Arctic Bird


The Arctic National Wildlife Refuge hosts over 200 different species of birds each year. They come to nest and raise their young in its short but lively summer season. Many of these birds have made long and difficult journeys to reach the resources of the Arctic Refuge. 

Birds come from six different continents, taking months to fly across deserts, mountains, and open oceans. One such species is the Arctic Tern. This little bird holds the world record for the longest migration. They come all the way from Antarctica, traveling 44,000 miles (74,000 kilometers) to reach the Arctic. Young Arctic Terns use this time of year as an opportunity to find a mate. They have complex courtship rituals that help them find the perfect lifelong mate. The terns first fly to high altitudes and slowly descend together. Once they’ve established their flying chemistry, the male tern brings the female gifts of fish. If she is impressed by his fishing abilities, they will mate and share the responsibilities of incubating the eggs and protecting the nest.

Arctic bird

Golden eagles also travel to the shores of Northern Alaska to nest during the summer season.

These birds come from all across North America, with some travelling from as far south as Mexico. Golden Eagles usually mates for life and have a unique courtship ritual, called “sky dancing”. The male eagle picks up a rock, flies it high into the sky, and then drops it. He dives quickly after the rock, speeding toward the ground, catching it again in his talons. Golden Eagles have been recorded at speeds of up to 200 miles per hour during these rituals. Mating pairs will return to the same nest every year, raising each generation of chicks in the same location. There are raptor nests in the Arctic Refuge that scientists believe have been in use for at least 2,000 years!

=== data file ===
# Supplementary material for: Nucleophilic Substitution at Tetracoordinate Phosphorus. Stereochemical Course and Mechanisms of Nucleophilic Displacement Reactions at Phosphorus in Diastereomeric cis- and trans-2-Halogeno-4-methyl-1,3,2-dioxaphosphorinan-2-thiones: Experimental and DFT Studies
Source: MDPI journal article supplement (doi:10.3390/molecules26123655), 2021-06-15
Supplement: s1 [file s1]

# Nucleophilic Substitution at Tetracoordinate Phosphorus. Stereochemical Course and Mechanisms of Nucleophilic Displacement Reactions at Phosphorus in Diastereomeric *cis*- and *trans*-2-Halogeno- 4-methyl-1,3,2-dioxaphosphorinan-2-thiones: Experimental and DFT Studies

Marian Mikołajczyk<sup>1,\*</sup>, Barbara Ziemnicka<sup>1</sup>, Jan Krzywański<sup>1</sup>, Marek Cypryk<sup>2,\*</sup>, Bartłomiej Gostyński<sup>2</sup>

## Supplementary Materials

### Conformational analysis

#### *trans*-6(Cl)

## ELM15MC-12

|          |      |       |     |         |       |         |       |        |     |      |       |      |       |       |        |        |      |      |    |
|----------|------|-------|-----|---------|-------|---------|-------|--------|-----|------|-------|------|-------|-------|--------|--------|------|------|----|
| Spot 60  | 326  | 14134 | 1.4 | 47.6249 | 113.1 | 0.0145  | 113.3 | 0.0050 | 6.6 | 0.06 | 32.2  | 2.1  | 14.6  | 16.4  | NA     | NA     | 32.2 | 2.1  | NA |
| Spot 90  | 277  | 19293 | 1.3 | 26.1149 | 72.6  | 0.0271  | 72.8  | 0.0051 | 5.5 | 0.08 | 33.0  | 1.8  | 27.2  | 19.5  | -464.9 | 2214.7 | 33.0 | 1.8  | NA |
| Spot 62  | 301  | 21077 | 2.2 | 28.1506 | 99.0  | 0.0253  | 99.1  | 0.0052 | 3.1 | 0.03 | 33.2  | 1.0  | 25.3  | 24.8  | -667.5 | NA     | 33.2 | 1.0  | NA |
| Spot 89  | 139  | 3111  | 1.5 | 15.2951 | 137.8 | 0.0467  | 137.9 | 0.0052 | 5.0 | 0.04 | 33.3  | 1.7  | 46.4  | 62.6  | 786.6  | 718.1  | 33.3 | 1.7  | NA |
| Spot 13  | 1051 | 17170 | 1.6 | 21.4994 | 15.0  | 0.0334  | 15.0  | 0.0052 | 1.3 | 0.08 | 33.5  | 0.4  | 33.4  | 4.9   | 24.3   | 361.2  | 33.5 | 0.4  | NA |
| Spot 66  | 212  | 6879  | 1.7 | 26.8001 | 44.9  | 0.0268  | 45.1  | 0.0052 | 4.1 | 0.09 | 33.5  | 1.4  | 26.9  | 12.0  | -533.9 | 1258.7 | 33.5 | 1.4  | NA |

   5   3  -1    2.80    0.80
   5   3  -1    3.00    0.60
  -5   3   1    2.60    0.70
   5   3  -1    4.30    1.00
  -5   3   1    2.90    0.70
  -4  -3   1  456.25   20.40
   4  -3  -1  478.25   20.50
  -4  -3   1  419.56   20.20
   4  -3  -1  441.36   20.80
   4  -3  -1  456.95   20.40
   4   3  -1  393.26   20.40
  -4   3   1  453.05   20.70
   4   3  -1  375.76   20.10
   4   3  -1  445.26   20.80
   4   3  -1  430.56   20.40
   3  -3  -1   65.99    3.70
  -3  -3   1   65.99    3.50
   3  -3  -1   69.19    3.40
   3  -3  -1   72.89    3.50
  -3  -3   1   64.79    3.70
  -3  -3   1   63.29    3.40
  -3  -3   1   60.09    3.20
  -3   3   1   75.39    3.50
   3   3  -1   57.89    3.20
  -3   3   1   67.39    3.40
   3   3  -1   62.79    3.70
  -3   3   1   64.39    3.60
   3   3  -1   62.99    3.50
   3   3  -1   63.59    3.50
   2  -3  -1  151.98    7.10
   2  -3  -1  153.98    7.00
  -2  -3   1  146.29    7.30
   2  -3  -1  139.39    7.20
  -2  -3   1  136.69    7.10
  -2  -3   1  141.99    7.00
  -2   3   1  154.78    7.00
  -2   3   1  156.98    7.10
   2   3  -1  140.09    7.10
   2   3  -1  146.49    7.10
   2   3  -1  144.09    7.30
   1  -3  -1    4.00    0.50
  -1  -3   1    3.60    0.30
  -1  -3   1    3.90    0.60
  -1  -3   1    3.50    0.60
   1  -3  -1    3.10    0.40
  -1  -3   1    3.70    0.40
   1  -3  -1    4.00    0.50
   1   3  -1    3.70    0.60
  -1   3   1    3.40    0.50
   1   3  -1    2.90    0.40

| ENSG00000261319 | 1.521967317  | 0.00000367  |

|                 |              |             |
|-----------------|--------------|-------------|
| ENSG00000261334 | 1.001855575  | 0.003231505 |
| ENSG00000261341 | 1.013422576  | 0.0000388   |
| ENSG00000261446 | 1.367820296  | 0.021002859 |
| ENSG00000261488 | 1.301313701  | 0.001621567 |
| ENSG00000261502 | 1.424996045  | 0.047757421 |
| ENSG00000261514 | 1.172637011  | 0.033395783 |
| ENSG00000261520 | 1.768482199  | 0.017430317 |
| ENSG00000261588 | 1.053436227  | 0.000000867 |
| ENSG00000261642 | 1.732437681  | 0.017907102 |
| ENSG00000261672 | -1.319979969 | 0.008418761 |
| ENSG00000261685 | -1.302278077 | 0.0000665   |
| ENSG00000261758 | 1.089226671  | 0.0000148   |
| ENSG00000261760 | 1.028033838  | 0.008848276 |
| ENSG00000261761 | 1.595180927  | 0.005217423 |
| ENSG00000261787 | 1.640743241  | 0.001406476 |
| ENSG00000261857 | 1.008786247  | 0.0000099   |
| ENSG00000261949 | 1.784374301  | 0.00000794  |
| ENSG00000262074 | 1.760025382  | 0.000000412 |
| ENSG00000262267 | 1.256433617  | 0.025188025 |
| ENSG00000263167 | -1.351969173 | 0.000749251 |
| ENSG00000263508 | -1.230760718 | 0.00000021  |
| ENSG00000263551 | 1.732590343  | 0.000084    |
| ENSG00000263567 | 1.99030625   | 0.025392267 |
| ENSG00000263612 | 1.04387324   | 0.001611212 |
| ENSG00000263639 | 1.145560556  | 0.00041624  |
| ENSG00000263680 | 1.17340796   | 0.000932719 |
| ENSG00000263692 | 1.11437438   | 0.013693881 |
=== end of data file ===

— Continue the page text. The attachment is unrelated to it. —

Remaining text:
Arctic bird

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Arctic bird

Arctic terns and golden eagles are joined in the Arctic Refuge by many other species.

The American Golden-Plover comes up from Argentina, Snow Geese fly from Texas, and the Dunlin travels all the way from Japan. This diverse group of birds brings an equally wide-ranging combination of nesting strategies. Some birds will carefully weave their nests out of grasses, while others build theirs out of twigs. Some species even lay their eggs right on the ground, trusting the color of the eggs to help them blend in with their environment.

Arctic bird

Not all birds found in the Arctic National Wildlife Refuge are migratory

There are 25 species of resident birds that call this extreme habitat home all year round. One of the most notable of these year-round residents is the Snowy Owl. This large predator has feathered feet to protect it against cold temperatures, and is almost entirely white to blend in with the snowy background. Unlike most other owl species, the Snowy Owl commonly hunts during the day. They feed on lemmings and small birds throughout the summer, but will eat almost anything available during the winter.

Arctic bird

For millions of years, flocks of birds have been traveling to Northern Alaska to nest and raise their young

Climate change is adding new challenges to these already dangerous trips, making it more difficult for the birds to survive once they arrive. Changing weather patterns force birds to add miles to their migration paths and limit the food supplies they need to stay healthy along the way. As sea levels continue to rise, many of the birds’ established nest sites and feeding grounds are being destroyed. We still have time to protect the future of these species if we act quickly. Visit our Take Action page to learn more about what you can do to help.

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America's Arctic faces being sold off in pieces to energy development as soon as this year, if we do not stand together to #ProtectTheArctic. 
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